Dorothy Dannenberg, 'Carré Shows Benin Bronzes and Ivories at Knoedlers,' Art News, Vol. 34, November 30, 1935, pp. 3, 6, 15
Time Magazine, December 16, 1935
Louis Carré, 'Benin - The City of Bronzes,' Parnassus, Vol. 8, No. 1, January 1936, pp. 13-15
Buffalo Evening News, February 7, 1936
Buffalo Fine Arts Gallery, Gallery Notes, Vol. 3, March 1936, p. 2, no. 5
Virginia Ford Menadue, 'Bronze Head Comes from Rich, Mysterious Kingdom in Africa,' Buffalo Courier-Express, June 29, 1941
Andrew C. Ritchie (ed.), Albright Art Gallery. Catalogue of the Paintings and Sculptures in the Permanent Collection, vol. 1, Buffalo, 1949, cat. 59, pp. 124-125 and 199
Erwin O. Christensen, A Guide to Art Museums in the United States, New York, 1968, pp. 98-99, pl. 220
Philip J.C. Dark, 'Benin Bronze Heads: Styles and Chronology,' in Daniel F. McCall and Edna G. Bay (eds.), African Images, Essays in African Iconology, New York and London, 1975, p. 64 (unillustrated, referred to as 'X0/13')
Philip J.C. Dark, An Illustrated Catalogue of Benin Art, Boston, 1982, pls. 2.1.103 and 2.4.6 (unillustrated, referred to as 'X0/13')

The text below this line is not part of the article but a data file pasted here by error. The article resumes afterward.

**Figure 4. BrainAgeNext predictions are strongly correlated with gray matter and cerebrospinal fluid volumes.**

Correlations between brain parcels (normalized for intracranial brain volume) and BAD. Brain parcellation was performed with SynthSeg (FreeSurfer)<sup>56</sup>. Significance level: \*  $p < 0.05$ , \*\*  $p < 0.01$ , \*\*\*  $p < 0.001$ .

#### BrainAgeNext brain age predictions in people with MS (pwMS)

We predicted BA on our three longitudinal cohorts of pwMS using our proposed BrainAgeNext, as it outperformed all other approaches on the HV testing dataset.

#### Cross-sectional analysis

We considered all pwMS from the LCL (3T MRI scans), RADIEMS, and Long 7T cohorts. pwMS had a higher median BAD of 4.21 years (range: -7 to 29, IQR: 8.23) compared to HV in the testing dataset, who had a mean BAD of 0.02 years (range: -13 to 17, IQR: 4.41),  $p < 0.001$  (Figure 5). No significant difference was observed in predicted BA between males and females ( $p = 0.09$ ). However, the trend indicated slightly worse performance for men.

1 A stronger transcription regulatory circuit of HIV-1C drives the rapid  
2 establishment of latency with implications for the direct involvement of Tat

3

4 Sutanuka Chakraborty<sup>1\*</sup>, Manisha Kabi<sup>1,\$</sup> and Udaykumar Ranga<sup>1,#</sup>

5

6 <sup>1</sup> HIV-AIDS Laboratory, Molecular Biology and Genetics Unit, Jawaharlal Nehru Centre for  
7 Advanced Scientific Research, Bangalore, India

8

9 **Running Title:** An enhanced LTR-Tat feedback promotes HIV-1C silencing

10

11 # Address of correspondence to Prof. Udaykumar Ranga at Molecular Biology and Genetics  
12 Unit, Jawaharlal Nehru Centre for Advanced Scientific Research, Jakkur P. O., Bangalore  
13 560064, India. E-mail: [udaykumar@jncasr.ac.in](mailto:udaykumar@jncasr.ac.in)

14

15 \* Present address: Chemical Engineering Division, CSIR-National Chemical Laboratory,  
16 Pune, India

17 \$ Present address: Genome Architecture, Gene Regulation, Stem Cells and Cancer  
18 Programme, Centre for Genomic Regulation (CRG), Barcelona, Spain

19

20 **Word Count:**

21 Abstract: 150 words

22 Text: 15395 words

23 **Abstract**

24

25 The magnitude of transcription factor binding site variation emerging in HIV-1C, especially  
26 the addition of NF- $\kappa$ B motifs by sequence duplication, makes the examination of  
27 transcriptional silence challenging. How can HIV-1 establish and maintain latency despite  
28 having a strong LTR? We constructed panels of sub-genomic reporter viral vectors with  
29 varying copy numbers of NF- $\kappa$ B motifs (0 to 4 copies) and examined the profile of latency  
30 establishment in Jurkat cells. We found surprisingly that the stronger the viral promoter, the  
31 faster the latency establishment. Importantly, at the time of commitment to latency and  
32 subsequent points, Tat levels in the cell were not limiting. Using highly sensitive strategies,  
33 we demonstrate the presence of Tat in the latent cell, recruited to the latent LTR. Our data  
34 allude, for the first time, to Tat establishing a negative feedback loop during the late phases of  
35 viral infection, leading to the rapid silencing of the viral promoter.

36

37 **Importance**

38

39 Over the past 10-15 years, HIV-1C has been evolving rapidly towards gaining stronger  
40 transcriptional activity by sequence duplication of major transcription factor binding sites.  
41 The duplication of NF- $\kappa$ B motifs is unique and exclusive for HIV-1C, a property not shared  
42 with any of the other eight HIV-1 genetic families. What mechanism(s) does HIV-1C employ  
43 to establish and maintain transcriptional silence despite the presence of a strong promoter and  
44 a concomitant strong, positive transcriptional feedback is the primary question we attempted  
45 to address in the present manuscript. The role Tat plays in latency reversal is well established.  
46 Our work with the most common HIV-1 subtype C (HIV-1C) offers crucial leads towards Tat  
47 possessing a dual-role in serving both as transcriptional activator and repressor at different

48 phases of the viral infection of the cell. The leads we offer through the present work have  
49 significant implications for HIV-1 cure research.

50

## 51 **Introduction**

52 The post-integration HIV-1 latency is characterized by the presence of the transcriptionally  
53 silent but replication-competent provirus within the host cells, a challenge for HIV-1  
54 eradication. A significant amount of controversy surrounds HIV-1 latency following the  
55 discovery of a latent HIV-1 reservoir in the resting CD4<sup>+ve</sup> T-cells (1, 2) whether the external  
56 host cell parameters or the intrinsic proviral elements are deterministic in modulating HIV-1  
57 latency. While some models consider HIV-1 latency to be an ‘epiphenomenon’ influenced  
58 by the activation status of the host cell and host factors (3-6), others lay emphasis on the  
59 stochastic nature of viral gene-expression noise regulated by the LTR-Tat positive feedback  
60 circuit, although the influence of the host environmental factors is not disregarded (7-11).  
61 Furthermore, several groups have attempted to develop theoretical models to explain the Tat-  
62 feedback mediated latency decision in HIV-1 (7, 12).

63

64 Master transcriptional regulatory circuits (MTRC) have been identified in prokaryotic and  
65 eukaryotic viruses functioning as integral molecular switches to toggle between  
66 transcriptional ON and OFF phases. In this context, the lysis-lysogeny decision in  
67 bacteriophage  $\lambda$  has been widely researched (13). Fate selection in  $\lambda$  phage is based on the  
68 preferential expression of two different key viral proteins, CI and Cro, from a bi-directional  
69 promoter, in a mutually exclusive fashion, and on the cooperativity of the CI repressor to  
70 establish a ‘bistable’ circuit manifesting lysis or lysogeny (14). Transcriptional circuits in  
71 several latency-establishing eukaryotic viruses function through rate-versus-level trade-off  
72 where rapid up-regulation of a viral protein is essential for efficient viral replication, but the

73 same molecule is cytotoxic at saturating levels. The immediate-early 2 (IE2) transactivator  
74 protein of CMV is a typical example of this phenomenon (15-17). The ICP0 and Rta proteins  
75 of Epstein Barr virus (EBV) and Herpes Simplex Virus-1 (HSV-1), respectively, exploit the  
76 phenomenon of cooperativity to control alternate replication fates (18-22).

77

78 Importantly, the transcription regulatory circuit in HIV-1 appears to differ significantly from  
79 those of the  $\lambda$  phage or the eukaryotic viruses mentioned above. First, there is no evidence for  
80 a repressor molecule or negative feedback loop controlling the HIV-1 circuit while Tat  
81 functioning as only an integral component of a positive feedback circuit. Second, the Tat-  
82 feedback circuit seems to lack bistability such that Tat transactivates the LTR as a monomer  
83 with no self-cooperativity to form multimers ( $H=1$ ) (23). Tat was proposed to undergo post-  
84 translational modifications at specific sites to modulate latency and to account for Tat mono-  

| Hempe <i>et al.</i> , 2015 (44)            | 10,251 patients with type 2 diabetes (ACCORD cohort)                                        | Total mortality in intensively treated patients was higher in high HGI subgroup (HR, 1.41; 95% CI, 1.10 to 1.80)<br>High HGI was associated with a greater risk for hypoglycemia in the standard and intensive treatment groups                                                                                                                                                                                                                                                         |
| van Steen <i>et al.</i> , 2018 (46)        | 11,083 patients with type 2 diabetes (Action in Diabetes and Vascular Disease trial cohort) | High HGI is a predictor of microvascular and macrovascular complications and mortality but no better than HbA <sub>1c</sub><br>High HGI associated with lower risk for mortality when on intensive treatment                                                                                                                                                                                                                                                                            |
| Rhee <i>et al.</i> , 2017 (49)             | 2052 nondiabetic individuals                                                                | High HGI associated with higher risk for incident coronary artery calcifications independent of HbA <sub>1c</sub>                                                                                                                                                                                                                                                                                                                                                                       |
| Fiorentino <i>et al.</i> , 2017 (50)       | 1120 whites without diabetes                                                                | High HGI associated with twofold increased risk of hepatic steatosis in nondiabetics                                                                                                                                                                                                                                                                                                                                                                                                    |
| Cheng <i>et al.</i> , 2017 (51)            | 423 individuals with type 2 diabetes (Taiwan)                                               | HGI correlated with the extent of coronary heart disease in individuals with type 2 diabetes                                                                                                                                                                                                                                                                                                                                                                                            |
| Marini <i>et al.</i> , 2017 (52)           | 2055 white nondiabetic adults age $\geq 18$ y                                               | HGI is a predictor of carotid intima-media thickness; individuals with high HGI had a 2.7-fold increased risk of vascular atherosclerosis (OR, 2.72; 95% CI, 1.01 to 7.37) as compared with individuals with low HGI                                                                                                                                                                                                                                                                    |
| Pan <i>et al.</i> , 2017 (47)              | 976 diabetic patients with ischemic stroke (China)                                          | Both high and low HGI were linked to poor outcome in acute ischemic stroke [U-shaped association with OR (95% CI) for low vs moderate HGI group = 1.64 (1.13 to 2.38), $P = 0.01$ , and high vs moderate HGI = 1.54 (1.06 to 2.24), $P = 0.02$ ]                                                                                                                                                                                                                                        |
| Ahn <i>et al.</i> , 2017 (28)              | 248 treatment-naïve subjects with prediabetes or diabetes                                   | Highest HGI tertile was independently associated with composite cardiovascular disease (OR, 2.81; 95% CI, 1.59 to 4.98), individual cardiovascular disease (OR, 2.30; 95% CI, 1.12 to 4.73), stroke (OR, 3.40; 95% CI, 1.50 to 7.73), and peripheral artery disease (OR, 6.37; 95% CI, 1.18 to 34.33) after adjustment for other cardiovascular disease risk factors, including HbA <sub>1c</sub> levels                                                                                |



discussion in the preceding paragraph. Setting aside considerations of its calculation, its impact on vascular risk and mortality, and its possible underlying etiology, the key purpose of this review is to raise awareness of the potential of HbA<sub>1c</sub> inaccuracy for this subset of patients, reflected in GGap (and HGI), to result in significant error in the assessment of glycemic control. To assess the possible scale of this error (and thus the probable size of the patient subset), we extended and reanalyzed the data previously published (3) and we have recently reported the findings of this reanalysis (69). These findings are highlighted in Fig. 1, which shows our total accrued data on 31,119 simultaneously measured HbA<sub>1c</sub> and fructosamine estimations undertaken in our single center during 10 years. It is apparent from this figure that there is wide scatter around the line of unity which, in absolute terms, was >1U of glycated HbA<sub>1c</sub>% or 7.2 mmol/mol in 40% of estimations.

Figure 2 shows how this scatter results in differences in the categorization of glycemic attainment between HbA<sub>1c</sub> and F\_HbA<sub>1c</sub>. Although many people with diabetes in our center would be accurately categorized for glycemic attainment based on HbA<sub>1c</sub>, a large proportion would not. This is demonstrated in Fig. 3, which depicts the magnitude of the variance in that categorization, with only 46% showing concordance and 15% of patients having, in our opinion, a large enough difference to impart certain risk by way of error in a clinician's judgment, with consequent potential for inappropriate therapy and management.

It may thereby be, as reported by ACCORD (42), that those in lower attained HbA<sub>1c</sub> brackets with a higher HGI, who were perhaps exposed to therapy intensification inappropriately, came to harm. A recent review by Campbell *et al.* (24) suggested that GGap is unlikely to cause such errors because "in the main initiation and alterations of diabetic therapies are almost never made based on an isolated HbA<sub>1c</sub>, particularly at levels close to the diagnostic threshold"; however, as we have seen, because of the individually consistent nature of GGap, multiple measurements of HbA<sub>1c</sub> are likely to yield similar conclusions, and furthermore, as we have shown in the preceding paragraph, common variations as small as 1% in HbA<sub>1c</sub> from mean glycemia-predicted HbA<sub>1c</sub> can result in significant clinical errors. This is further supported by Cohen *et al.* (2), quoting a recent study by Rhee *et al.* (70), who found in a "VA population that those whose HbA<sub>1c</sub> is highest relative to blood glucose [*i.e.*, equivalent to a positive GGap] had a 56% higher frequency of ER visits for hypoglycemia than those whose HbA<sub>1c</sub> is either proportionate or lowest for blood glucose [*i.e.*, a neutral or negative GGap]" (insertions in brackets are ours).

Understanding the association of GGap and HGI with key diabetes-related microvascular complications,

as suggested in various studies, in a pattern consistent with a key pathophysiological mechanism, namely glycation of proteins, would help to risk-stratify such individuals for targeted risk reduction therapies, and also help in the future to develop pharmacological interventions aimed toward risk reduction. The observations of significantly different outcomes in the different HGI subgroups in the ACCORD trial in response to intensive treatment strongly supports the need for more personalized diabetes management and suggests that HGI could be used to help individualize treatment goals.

Steven A. Nash, with Katy Kline, Charlotta Kotik and Emese Wood, Albright-Knox Art Gallery: Painting and Sculpture from Antiquity to 1942, Buffalo, 1979, p. 115
Marie-Thérèse Brincard (ed.), The Power of Bronze: Royal Sculpture from the Kingdom of Benin, New York, 2004, p. 17, no. 4 (mistakenly listed as previously owned by Albert H. Tracy)
Reportedly collected and owned by a member of the British Punitive Expedition, 1897-1932
Louis Carré, Paris (accession no. '1114'), acquired from the above in London with the participation of Charles Ratton on March 20, 1932
Acquired by the Albright Art Gallery, Buffalo, New York, from the above through Knoedler & Co. Galleries, New York, on December 31, 1935 (accession no. '35:18')